What is IVIg?
Immunoglobulins are the antibodies produced naturally by the body’s immune system, which help fight infection and disease. Intravenous immunoglobulin, or IVIg, is a treatment that combines immunoglobulins donated by different people and is given by a drip to treat various conditions.
IVIg is used to reduce the effects of some inflammatory conditions that involve the immune system, also known as autoimmune diseases. It’s also used to increase levels of immunoglobulins if these are low, or have been lowered by treatment with other drugs, such as rituximab.
It can be used in the treatment of several different conditions, including:
- adult-onset Still's disease
- systemic juvenile idiopathic arthritis
- antiphospholipid syndrome
- people with certain complications of Sjögren’s syndrome.
Are there any reasons why I won’t be prescribed IVIg?
Before you start IVIg, your doctor will check the levels of immunoglobulin in your blood. If one type, known as IgA, is very low, then you may not be given IVIg. You might not be given IVIg if you've had a previous reaction to immunoglobulin, and you may not be able to have some types of IVIg if you have an intolerance to fruit sugar.
There’s currently a shortage in the supply of IVIg, so for some conditions you’ll only be given it if you’ve tried certain other treatments first, and if those treatments haven’t worked for you.
How is it taken?
IVIg is usually given by a drip into a vein, known as an intravenous infusion. It’s sometimes given as an injection if you’re only taking it to increase your immunoglobulin levels following other treatments.
You’ll need to go to hospital each time you have the treatment. The infusion will take several hours as the drug has to be given slowly. You’ll need to have your blood pressure, pulse and temperature checked regularly while you’re having the drip.
If you don’t have any problems during the first hour of the infusion, the rate will be increased by the doctor or nurse looking after you. After it’s finished you’ll need to be observed at the hospital for an hour to check for any side effects.
How often you have IVIg infusions will depend on the condition you have and how you respond to the treatment. The dose will be calculated based on your weight.
How long does it take to work?
IVIg should start to work within a few weeks, but this will vary depending on which condition you have and how you respond to the treatment. If IVIg works for you, the effects should last for a few months.
Side-effects and risks
People having IVIg occasionally have a reaction during or after the infusion. The symptoms of this include:
- a chill or a fever
- stomach pain
- feeling sick or vomiting
- joint pain
- low back pain
If these symptoms happen during the infusion, it will be slowed down or stopped. The symptoms usually settle quickly.
You’ll be monitored while you’re having the treatment, but you should report any new symptoms during or after the infusion to a healthcare professional.
If possible, you’ll be given the same brand of IVIg, such as Flebogamma or Octagam, every time you have an infusion to reduce the likelihood of a reaction. However, sometimes problems with the supply of IVIg will mean that another brand has to be used.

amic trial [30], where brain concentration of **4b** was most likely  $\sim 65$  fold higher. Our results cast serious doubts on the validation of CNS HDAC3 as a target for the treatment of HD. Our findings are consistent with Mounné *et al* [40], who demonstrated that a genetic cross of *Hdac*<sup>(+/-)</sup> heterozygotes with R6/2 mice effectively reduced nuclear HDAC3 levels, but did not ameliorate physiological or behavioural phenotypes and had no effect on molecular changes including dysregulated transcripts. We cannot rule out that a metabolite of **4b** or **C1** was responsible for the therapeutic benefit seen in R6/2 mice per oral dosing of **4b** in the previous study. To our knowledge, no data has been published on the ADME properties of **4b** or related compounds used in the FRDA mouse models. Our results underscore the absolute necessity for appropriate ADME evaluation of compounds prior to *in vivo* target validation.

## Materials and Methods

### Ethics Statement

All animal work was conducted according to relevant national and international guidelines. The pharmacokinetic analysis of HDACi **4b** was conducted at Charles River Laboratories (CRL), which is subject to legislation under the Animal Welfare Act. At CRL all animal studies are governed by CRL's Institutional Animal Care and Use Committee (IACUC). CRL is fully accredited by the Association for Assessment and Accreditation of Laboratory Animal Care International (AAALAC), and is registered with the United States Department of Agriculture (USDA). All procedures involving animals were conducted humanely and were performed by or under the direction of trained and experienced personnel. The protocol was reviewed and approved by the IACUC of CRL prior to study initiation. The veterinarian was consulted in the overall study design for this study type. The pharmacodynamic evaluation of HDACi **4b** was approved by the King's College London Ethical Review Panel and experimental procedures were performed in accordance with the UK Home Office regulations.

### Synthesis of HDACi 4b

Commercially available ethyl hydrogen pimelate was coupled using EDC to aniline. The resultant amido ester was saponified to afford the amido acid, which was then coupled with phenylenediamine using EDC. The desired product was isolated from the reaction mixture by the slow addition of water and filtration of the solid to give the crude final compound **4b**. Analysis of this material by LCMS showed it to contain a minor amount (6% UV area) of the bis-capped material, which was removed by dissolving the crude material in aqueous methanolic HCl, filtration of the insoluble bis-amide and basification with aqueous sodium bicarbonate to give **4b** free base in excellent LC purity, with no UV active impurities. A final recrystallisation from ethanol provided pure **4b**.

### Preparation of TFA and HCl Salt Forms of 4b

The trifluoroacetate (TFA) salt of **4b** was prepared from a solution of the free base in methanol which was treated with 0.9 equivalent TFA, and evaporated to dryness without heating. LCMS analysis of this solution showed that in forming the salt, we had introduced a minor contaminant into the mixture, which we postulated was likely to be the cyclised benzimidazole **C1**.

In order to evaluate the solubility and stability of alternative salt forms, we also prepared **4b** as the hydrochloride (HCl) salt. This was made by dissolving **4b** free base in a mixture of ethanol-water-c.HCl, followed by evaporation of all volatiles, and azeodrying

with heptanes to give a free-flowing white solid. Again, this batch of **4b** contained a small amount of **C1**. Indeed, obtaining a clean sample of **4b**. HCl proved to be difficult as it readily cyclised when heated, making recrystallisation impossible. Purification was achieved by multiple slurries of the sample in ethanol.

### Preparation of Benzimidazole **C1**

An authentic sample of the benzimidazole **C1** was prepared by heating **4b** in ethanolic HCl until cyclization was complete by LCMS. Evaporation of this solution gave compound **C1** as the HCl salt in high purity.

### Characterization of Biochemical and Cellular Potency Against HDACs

All blood donors for IVIg are carefully tested for any diseases that could be passed on to you, such as hepatitis B, and they’re only able to donate if their blood is safe. However, it's impossible to completely rule out the risk of passing on some infections.
Sometimes people having IVIg may experience the following side effects, but all of these can be treated:
- a rash
- liver problems
- kidney failure
- inflammation of the brain, known as aseptic meningitis
- haemolytic anaemia, a condition with different causes, that destroys red blood cells.
Very rarely, people may experience a severe allergic reaction to IVIg. If you experience any of the following symptoms, you should seek urgent medical attention:
- chest tightness
- breathing difficulties
- a rash
- swelling of the face or tongue
- a drop in blood pressure.
IVIg can sometimes cause a rise in blood pressure, which can lead to an increase in the risk of heart attack or stroke. It can also increase the risk of blood clots.
If you have any concerns about your treatment or its side effects, you should discuss these with your doctor, rheumatology nurse or pharmacist.
Effects on other treatments
You should be fine to take non-steroidal anti-inflammatory drugs (NSAIDs), such as ibuprofen, and painkillers along with IVIg. Always check with your doctor before starting any new medications, and remember to mention you're on IVIg if you're treated by anyone other than your usual rheumatology team.
IVIg doesn’t usually affect other drugs, but you should tell your doctor which medicines you’re currently taking, including over-the-counter drugs and herbal remedies.
IVIg may affect how your immune system reacts following any vaccination, and this can make the vaccine less effective, so it's best to avoid vaccinations for at least six weeks after having IVIg.
Speak to your doctor for advice before having any vaccinations.
Having an operation
Talk this over with your surgeon or doctor. It's likely you'll be able to continue, but your doctor might need to make changes to your dose or the timing of your IVIg.
There's no particular reason to avoid alcohol before or after IVIg treatment.
If you do drink alcohol, it’s recommended that you stay within the limit of 14 units a week for both men and women. You should try and spread these out across the week and not have all your units in one go.
Fertility, pregnancy and breastfeeding
Current guidelines say that IVIg can be given during pregnancy and breastfeeding because it’s not been shown to have harmful effects on the mother or baby.
We’re not sure yet how it might affect men trying to father a child. Because it’s not harmful in pregnant women, it’s unlikely to be harmful to men hoping to father a child.